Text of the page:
Major League Baseball’s Career Transition Saga
With the mayhem that is this summer’s NBA off-season, a consistent theme has been the insane amount of money being given to free agents. When free agency kicked off just after midnight on July 1, teams were dishing out huge contracts to sign their coveted players. This lead to the Los Angeles Clippers signing Blake Griffin to a five-year, $173 million contract only to be outdone by the Golden State Warriors who signed Steph Curry to a massive five-year, $201 million deal a few hours later.
While basketball players have been in the spotlight for signing these monstrous deals, MLB players are no strangers to mega-deals. Giancarlo Stanton, the slugger for the Miami Marlins, signed a 13-year contract worth a whopping $325 million in 2014 – the largest contract in sports history. MLB contracts are fully guaranteed and teams do not have to adhere to a salary cap, providing a point of contention for athletes in other professional sports.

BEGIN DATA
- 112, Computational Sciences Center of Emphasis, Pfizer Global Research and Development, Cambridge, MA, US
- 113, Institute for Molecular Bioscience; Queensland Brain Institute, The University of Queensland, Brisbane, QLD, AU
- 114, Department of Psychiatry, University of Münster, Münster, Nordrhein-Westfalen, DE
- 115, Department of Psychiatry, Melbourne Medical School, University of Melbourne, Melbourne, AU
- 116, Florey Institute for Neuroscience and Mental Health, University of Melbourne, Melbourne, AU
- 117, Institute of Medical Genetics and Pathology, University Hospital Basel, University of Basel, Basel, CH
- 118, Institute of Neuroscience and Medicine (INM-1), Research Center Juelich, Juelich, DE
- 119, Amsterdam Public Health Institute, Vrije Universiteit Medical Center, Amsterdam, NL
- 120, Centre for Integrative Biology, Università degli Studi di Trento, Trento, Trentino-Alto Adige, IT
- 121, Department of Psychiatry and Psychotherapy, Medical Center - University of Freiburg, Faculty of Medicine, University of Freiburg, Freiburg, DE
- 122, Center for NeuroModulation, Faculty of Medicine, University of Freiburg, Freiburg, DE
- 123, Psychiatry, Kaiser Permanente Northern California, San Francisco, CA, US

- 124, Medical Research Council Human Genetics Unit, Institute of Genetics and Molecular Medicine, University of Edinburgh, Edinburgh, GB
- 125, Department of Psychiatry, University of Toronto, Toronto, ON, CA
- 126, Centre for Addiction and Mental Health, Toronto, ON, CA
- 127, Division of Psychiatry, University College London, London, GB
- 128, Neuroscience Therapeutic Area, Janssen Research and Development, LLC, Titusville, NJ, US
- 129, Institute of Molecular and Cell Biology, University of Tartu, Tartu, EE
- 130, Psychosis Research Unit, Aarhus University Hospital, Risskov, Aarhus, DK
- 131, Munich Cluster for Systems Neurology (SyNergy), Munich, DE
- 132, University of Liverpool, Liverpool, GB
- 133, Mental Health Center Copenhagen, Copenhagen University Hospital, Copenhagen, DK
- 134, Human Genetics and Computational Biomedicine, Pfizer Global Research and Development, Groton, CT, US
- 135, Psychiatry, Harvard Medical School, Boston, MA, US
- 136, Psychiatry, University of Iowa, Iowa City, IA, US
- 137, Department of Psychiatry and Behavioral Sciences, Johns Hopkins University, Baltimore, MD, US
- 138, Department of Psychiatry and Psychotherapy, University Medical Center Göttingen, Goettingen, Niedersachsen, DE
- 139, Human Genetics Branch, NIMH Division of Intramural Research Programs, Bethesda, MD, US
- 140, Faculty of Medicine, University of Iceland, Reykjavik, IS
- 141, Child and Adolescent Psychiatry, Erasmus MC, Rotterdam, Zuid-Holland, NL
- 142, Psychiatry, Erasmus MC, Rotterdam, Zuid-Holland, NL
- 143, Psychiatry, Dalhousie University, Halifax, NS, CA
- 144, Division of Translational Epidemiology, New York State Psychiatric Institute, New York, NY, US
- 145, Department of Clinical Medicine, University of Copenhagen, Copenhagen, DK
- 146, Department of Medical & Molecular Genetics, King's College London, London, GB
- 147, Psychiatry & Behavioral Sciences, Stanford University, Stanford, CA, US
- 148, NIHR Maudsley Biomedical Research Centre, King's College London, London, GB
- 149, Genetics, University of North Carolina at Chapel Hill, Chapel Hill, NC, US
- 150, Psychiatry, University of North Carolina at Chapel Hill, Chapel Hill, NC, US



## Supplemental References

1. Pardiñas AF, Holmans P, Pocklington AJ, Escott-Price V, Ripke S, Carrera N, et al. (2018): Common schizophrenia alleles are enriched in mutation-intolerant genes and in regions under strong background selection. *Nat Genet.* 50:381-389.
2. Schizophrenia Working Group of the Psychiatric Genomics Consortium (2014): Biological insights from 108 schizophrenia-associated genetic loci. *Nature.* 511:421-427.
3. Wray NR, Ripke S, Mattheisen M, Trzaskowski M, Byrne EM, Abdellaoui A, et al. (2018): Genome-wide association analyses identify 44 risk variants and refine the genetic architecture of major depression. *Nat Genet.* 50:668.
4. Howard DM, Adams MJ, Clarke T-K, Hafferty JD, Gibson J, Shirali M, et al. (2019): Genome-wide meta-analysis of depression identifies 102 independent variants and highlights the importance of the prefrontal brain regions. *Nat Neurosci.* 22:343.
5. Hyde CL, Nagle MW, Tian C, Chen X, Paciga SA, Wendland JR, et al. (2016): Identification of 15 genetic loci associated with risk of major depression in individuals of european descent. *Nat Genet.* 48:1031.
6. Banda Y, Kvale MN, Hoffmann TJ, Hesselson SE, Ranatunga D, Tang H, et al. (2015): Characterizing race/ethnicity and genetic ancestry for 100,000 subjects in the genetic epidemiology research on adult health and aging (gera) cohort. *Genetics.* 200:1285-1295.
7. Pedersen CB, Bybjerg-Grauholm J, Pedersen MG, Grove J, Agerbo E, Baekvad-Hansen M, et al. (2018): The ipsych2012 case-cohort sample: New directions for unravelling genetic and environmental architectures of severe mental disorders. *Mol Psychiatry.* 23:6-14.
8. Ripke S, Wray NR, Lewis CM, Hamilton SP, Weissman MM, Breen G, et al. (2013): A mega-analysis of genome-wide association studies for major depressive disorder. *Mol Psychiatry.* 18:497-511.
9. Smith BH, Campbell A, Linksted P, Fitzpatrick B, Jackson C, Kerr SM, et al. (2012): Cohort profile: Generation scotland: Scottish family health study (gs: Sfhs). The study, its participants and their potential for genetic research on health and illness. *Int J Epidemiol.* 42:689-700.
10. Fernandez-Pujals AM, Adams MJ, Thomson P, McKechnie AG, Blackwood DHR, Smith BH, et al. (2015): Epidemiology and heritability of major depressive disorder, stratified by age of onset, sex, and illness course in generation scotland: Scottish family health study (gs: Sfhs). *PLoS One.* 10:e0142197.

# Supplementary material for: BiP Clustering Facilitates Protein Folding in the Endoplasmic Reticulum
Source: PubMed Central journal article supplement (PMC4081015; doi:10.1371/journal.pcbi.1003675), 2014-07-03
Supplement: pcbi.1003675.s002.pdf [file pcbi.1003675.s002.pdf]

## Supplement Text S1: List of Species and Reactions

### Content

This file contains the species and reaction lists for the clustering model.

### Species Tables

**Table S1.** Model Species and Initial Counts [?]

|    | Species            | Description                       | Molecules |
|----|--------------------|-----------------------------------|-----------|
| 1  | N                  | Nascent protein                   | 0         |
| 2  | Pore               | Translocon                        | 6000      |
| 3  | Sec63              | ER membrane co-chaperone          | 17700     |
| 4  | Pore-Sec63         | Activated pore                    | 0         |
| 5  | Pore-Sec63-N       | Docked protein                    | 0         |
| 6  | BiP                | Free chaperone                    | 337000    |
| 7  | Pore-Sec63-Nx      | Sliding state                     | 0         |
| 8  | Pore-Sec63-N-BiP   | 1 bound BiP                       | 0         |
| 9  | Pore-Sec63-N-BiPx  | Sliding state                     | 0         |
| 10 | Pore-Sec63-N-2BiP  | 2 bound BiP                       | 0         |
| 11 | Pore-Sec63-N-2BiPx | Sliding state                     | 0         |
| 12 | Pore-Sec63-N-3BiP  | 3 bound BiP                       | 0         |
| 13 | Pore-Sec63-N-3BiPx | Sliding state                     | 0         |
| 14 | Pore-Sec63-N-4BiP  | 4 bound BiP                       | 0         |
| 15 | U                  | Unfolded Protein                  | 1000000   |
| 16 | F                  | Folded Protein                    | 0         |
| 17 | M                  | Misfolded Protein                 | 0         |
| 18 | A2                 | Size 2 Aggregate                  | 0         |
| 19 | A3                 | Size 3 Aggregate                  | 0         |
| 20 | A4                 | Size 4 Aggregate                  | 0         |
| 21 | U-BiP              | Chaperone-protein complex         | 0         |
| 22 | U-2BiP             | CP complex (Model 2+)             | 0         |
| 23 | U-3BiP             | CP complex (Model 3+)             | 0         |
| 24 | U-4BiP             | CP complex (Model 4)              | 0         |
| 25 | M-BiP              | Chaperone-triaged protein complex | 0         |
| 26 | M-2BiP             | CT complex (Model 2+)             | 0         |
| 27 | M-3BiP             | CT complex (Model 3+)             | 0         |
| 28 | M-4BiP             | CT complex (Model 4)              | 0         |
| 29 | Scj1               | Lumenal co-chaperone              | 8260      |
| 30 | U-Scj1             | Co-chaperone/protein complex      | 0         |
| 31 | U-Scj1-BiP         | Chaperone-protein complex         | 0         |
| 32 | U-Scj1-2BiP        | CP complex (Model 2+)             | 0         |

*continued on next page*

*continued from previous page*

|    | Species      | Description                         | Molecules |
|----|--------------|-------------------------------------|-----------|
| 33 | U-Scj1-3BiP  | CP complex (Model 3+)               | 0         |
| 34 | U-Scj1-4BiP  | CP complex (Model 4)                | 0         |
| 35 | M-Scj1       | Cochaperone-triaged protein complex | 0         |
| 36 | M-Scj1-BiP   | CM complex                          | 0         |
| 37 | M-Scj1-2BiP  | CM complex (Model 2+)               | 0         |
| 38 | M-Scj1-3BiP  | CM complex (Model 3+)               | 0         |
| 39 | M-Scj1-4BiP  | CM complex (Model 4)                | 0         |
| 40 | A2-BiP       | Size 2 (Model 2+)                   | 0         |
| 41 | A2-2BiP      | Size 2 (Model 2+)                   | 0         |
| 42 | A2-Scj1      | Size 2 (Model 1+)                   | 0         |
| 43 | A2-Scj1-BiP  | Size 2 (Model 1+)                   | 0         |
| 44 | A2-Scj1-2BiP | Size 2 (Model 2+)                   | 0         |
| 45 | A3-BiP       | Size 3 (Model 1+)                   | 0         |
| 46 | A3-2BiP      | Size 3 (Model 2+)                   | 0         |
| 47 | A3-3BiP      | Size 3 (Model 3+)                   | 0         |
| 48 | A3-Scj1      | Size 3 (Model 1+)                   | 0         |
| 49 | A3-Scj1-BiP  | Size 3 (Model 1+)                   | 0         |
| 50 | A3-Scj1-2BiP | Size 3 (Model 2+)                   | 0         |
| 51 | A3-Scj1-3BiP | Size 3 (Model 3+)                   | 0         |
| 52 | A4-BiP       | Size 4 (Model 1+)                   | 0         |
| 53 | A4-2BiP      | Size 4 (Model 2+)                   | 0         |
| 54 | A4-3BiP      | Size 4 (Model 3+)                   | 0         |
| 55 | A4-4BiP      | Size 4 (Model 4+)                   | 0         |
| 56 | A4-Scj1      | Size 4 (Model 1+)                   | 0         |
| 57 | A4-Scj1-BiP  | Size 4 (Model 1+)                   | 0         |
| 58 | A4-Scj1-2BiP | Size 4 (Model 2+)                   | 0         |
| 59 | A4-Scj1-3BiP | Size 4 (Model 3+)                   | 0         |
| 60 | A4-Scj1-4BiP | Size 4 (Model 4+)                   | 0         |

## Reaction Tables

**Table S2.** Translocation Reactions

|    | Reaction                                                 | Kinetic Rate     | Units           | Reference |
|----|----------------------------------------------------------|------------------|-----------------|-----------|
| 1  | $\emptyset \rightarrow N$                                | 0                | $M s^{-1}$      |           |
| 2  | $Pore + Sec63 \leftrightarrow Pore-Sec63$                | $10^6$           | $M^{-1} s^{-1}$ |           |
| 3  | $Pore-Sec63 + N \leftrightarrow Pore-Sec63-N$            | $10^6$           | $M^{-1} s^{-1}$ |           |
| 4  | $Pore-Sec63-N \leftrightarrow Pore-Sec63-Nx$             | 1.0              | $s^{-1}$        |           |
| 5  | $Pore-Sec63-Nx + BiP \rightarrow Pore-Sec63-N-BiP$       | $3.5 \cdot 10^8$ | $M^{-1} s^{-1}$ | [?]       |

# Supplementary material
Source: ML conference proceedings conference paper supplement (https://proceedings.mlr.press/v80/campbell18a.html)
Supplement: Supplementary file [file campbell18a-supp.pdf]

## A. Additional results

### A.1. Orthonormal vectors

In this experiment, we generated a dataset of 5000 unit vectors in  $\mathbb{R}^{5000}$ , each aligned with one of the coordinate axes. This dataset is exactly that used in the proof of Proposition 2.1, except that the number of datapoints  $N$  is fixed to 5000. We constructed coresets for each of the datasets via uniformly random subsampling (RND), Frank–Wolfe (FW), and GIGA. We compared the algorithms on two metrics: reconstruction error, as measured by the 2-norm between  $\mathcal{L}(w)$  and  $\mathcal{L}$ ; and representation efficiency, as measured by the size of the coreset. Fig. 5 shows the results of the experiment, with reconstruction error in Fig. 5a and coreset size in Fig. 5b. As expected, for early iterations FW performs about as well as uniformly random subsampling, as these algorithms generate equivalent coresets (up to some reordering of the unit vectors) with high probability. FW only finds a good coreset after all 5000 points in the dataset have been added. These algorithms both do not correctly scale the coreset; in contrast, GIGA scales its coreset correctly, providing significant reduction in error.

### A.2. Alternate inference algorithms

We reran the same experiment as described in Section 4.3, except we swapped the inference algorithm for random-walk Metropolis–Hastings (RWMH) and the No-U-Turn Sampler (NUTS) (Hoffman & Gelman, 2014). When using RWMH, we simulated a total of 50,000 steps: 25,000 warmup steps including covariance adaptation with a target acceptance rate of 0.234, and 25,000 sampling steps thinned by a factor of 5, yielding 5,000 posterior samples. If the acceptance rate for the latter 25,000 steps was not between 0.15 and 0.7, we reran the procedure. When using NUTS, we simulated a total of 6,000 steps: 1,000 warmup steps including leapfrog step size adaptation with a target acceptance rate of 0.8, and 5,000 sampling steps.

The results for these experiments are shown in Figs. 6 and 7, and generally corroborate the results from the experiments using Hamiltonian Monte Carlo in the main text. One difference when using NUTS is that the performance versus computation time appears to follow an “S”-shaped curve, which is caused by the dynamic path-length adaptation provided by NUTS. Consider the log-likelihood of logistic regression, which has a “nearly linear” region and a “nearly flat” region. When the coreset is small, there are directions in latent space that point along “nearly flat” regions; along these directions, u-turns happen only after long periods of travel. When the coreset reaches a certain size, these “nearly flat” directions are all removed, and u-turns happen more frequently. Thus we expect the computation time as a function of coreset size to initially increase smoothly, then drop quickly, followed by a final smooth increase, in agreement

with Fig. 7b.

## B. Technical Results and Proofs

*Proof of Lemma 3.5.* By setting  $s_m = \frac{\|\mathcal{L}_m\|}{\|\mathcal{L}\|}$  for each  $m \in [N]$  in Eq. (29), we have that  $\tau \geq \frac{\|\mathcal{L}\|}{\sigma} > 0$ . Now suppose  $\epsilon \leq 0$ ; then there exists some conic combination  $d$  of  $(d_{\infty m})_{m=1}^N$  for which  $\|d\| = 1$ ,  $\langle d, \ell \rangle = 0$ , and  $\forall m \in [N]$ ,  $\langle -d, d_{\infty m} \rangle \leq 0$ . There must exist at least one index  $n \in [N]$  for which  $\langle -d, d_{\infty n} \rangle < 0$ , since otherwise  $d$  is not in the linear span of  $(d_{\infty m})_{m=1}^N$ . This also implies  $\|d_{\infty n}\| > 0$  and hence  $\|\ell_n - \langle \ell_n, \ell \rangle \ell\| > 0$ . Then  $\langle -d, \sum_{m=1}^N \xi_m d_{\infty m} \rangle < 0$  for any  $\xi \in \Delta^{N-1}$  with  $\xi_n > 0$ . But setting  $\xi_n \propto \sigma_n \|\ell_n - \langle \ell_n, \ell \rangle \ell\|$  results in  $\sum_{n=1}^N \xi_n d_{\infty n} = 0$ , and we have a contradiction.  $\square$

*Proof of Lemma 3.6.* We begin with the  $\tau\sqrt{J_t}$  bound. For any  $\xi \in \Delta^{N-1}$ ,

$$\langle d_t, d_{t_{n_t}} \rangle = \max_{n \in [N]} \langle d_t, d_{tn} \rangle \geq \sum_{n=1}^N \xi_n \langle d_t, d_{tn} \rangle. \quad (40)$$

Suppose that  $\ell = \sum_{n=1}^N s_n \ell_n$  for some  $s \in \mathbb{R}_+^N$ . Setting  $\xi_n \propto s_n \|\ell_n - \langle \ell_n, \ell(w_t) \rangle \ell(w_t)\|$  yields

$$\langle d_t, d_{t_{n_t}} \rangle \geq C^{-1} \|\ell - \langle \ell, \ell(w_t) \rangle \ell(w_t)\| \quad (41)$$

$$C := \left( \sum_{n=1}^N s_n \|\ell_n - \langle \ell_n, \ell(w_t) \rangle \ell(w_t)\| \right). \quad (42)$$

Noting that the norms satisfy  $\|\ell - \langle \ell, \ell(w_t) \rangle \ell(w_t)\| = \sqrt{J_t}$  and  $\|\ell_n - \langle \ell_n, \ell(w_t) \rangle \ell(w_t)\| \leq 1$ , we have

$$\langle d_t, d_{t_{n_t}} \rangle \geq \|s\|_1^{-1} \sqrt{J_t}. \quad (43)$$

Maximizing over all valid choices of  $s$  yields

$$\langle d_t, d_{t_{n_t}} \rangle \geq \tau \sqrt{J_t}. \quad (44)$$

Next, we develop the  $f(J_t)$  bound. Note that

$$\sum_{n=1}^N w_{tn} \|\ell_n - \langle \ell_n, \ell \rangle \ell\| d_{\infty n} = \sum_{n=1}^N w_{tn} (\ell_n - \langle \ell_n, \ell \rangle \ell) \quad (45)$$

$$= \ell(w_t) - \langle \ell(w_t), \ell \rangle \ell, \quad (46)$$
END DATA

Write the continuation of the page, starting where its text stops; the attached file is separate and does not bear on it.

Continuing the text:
With the millions of dollars the athletes are making, the question of “what do they do with it all?” can arise. Due to their endorsement deals as well, these superstar athletes are likely financially set for life. However, for the vast majority of players not making hundreds of millions of dollars, the question turns into “what’s next?” When a playing career ends, athletes are typically still relatively young compared to those who have been in the work force. That is where their respective league and player’s association comes into play with career transition programs. In terms of what the different leagues and player’s associations are doing to assist their athletes in life after the game, a few stand out from the others.
The Precedent: NFL and NBA
The NFL and NFLPA have established a precedent for current player preparation and former player transition assistance through programs such as The Trust and the Career Transition Services Program. The NBPA has also has programs supporting current and former players such as Sportscaster U., which is an immersive course for players interested in a broadcasting career upon retirement.